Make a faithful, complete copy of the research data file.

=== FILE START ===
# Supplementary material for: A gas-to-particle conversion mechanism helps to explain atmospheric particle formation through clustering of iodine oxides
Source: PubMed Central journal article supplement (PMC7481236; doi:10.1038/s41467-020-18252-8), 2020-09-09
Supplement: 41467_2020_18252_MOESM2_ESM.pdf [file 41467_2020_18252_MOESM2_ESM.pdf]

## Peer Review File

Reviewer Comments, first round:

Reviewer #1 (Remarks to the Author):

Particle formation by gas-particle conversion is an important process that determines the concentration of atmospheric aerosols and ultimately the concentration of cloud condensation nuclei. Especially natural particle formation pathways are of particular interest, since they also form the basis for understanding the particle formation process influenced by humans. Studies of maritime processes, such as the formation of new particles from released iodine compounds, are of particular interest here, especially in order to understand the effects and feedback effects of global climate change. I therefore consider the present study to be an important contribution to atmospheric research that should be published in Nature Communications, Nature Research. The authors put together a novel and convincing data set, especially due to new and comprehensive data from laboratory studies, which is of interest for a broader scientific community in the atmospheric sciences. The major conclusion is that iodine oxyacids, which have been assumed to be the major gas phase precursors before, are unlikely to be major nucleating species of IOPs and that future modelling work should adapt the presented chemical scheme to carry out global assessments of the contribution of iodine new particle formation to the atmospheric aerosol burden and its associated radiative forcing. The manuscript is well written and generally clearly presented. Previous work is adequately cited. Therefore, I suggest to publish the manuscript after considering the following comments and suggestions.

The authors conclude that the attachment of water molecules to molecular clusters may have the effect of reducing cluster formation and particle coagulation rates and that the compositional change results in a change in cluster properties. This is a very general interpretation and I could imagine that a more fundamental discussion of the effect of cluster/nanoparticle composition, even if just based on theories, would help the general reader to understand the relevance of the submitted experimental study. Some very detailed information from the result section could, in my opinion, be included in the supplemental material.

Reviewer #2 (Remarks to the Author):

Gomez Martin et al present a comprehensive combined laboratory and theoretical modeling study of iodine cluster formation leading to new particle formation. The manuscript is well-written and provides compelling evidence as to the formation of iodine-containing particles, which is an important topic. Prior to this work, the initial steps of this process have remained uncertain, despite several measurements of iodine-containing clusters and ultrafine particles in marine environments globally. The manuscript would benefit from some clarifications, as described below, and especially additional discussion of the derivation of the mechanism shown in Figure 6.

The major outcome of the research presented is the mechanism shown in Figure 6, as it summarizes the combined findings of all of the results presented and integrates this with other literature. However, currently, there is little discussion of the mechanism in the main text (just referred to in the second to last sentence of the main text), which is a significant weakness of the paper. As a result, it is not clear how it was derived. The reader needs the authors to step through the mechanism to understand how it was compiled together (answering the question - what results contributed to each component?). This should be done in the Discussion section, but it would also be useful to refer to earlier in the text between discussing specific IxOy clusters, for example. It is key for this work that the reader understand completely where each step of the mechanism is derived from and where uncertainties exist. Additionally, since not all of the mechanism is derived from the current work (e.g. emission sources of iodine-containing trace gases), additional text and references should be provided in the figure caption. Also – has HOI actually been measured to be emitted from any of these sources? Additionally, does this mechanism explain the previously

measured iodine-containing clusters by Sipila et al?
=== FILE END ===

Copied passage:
# Supplementary material for: A gas-to-particle conversion mechanism helps to explain atmospheric particle formation through clustering of iodine oxides
Source: PubMed Central journal article supplement (PMC7481236; doi:10.1038/s41467-020-18252-8), 2020-09-09
Supplement: 41467_2020_18252_MOESM2_ESM.pdf [file 41467_2020_18252_MOESM2_ESM.pdf]

## Peer Review File

Reviewer Comments, first round:

Reviewer #1 (Remarks to the Author):

Particle formation by gas-particle conversion is an important process that determines the concentration of atmospheric aerosols and ultimately the concentration of cloud condensation nuclei. Especially natural particle formation pathways are of particular interest, since they also form the basis for understanding the particle formation process influenced by humans. Studies of maritime processes, such as the formation of new particles from released iodine compounds, are of particular interest here, especially in order to understand the effects and feedback effects of global climate change. I therefore consider the present study to be an important contribution to atmospheric research that should be published in Nature Communications, Nature Research. The authors put together a novel and convincing data set, especially due to new and comprehensive data from laboratory studies, which is of interest for a broader scientific community in the atmospheric sciences. The major conclusion is that iodine oxyacids, which have been assumed to be the major gas phase precursors before, are unlikely to be major nucleating species of IOPs and that future modelling work should adapt the presented chemical scheme to carry out global assessments of the contribution of iodine new particle formation to the atmospheric aerosol burden and its associated radiative forcing. The manuscript is well written and generally clearly presented. Previous work is adequately cited. Therefore, I suggest to publish the manuscript after considering the following comments and suggestions.

The authors conclude that the attachment of water molecules to molecular clusters may have the effect of reducing cluster formation and particle coagulation rates and that the compositional change results in a change in cluster properties. This is a very general interpretation and I could imagine that a more fundamental discussion of the effect of cluster/nanoparticle composition, even if just based on theories, would help the general reader to understand the relevance of the submitted experimental study. Some very detailed information from the result section could, in my opinion, be included in the supplemental material.

Reviewer #2 (Remarks to the Author):

Gomez Martin et al present a comprehensive combined laboratory and theoretical modeling study of iodine cluster formation leading to new particle formation. The manuscript is well-written and provides compelling evidence as to the formation of iodine-containing particles, which is an important topic. Prior to this work, the initial steps of this process have remained uncertain, despite several measurements of iodine-containing clusters and ultrafine particles in marine environments globally. The manuscript would benefit from some clarifications, as described below, and especially additional discussion of the derivation of the mechanism shown in Figure 6.

The major outcome of the research presented is the mechanism shown in Figure 6, as it summarizes the combined findings of all of the results presented and integrates this with other literature. However, currently, there is little discussion of the mechanism in the main text (just referred to in the second to last sentence of the main text), which is a significant weakness of the paper. As a result, it is not clear how it was derived. The reader needs the authors to step through the mechanism to understand how it was compiled together (answering the question - what results contributed to each component?). This should be done in the Discussion section, but it would also be useful to refer to earlier in the text between discussing specific IxOy clusters, for example. It is key for this work that the reader understand completely where each step of the mechanism is derived from and where uncertainties exist. Additionally, since not all of the mechanism is derived from the current work (e.g. emission sources of iodine-containing trace gases), additional text and references should be provided in the figure caption. Also – has HOI actually been measured to be emitted from any of these sources? Additionally, does this mechanism explain the previously

measured iodine-containing clusters by Sipila et al?